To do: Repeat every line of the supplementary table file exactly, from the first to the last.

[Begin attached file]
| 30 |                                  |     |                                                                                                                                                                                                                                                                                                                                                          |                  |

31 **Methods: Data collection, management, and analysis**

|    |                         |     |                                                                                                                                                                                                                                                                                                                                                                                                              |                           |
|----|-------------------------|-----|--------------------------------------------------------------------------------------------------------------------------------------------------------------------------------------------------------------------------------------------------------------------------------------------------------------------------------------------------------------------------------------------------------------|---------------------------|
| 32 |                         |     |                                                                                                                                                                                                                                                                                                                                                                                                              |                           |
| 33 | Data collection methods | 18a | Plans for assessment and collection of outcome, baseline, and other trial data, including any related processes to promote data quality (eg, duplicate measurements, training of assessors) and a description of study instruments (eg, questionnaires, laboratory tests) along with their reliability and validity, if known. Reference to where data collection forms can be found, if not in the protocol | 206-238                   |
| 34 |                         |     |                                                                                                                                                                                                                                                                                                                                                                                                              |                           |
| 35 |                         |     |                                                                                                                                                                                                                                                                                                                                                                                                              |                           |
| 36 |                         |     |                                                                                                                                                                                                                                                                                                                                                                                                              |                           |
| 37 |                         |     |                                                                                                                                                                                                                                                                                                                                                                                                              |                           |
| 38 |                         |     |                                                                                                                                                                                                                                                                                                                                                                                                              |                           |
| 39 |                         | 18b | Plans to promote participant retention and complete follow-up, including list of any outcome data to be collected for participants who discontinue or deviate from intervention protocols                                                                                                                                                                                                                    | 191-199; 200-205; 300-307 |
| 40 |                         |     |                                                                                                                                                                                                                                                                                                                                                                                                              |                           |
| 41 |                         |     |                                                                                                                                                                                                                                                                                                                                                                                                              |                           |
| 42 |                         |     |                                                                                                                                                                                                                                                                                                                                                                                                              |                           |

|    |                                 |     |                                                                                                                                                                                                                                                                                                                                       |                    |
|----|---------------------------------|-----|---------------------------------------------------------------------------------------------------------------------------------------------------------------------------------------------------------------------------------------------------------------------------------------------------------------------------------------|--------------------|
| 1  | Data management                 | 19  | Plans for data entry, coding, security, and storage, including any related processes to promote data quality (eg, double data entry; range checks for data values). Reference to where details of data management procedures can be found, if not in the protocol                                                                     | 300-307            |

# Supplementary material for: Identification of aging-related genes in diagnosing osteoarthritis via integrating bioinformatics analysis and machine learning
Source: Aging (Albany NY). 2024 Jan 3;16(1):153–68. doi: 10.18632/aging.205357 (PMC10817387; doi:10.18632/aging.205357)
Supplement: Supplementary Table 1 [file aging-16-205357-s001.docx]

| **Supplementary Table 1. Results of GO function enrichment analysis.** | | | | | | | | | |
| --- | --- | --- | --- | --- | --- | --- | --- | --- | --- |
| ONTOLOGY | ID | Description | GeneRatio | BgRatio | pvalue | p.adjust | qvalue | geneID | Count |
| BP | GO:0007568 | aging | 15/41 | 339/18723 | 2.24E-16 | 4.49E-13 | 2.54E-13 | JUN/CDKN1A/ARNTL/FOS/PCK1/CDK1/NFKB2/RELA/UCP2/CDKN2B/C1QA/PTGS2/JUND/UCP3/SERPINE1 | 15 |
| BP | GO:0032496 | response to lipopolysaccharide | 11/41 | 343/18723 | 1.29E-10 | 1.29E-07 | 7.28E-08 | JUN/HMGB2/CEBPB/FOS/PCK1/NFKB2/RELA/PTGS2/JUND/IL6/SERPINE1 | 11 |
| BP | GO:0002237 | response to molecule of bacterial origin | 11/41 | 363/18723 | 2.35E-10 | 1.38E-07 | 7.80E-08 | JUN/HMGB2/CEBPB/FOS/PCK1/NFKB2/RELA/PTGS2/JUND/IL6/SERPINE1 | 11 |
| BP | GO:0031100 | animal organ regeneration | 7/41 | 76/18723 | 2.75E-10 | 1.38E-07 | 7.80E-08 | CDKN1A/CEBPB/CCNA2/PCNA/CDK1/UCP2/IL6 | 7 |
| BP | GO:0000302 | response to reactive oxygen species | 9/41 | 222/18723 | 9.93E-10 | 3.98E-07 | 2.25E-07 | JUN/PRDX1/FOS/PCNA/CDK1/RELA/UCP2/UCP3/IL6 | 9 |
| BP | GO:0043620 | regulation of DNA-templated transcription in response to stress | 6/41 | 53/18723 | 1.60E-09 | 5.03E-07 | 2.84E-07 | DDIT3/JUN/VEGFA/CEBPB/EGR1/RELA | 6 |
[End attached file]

| 30 |                                  |     |                                                                                                                                                                                                                                                                                                                                                          |                  |

31 **Methods: Data collection, management, and analysis**

|    |                         |     |                                                                                                                                                                                                                                                                                                                                                                                                              |                           |
|----|-------------------------|-----|--------------------------------------------------------------------------------------------------------------------------------------------------------------------------------------------------------------------------------------------------------------------------------------------------------------------------------------------------------------------------------------------------------------|---------------------------|
| 32 |                         |     |                                                                                                                                                                                                                                                                                                                                                                                                              |                           |
| 33 | Data collection methods | 18a | Plans for assessment and collection of outcome, baseline, and other trial data, including any related processes to promote data quality (eg, duplicate measurements, training of assessors) and a description of study instruments (eg, questionnaires, laboratory tests) along with their reliability and validity, if known. Reference to where data collection forms can be found, if not in the protocol | 206-238                   |
| 34 |                         |     |                                                                                                                                                                                                                                                                                                                                                                                                              |                           |
| 35 |                         |     |                                                                                                                                                                                                                                                                                                                                                                                                              |                           |
| 36 |                         |     |                                                                                                                                                                                                                                                                                                                                                                                                              |                           |
| 37 |                         |     |                                                                                                                                                                                                                                                                                                                                                                                                              |                           |
| 38 |                         |     |                                                                                                                                                                                                                                                                                                                                                                                                              |                           |
| 39 |                         | 18b | Plans to promote participant retention and complete follow-up, including list of any outcome data to be collected for participants who discontinue or deviate from intervention protocols                                                                                                                                                                                                                    | 191-199; 200-205; 300-307 |
| 40 |                         |     |                                                                                                                                                                                                                                                                                                                                                                                                              |                           |
| 41 |                         |     |                                                                                                                                                                                                                                                                                                                                                                                                              |                           |
| 42 |                         |     |                                                                                                                                                                                                                                                                                                                                                                                                              |                           |

|    |                                 |     |                                                                                                                                                                                                                                                                                                                                       |                    |
|----|---------------------------------|-----|---------------------------------------------------------------------------------------------------------------------------------------------------------------------------------------------------------------------------------------------------------------------------------------------------------------------------------------|--------------------|
| 1  | Data management                 | 19  | Plans for data entry, coding, security, and storage, including any related processes to promote data quality (eg, double data entry; range checks for data values). Reference to where details of data management procedures can be found, if not in the protocol                                                                     | 300-307            |

# Supplementary material for: Identification of aging-related genes in diagnosing osteoarthritis via integrating bioinformatics analysis and machine learning
Source: Aging (Albany NY). 2024 Jan 3;16(1):153–68. doi: 10.18632/aging.205357 (PMC10817387; doi:10.18632/aging.205357)
Supplement: Supplementary Table 1 [file aging-16-205357-s001.docx]

| **Supplementary Table 1. Results of GO function enrichment analysis.** | | | | | | | | | |
| --- | --- | --- | --- | --- | --- | --- | --- | --- | --- |
| ONTOLOGY | ID | Description | GeneRatio | BgRatio | pvalue | p.adjust | qvalue | geneID | Count |
| BP | GO:0007568 | aging | 15/41 | 339/18723 | 2.24E-16 | 4.49E-13 | 2.54E-13 | JUN/CDKN1A/ARNTL/FOS/PCK1/CDK1/NFKB2/RELA/UCP2/CDKN2B/C1QA/PTGS2/JUND/UCP3/SERPINE1 | 15 |
| BP | GO:0032496 | response to lipopolysaccharide | 11/41 | 343/18723 | 1.29E-10 | 1.29E-07 | 7.28E-08 | JUN/HMGB2/CEBPB/FOS/PCK1/NFKB2/RELA/PTGS2/JUND/IL6/SERPINE1 | 11 |
| BP | GO:0002237 | response to molecule of bacterial origin | 11/41 | 363/18723 | 2.35E-10 | 1.38E-07 | 7.80E-08 | JUN/HMGB2/CEBPB/FOS/PCK1/NFKB2/RELA/PTGS2/JUND/IL6/SERPINE1 | 11 |
| BP | GO:0031100 | animal organ regeneration | 7/41 | 76/18723 | 2.75E-10 | 1.38E-07 | 7.80E-08 | CDKN1A/CEBPB/CCNA2/PCNA/CDK1/UCP2/IL6 | 7 |
| BP | GO:0000302 | response to reactive oxygen species | 9/41 | 222/18723 | 9.93E-10 | 3.98E-07 | 2.25E-07 | JUN/PRDX1/FOS/PCNA/CDK1/RELA/UCP2/UCP3/IL6 | 9 |
| BP | GO:0043620 | regulation of DNA-templated transcription in response to stress | 6/41 | 53/18723 | 1.60E-09 | 5.03E-07 | 2.84E-07 | DDIT3/JUN/VEGFA/CEBPB/EGR1/RELA | 6 |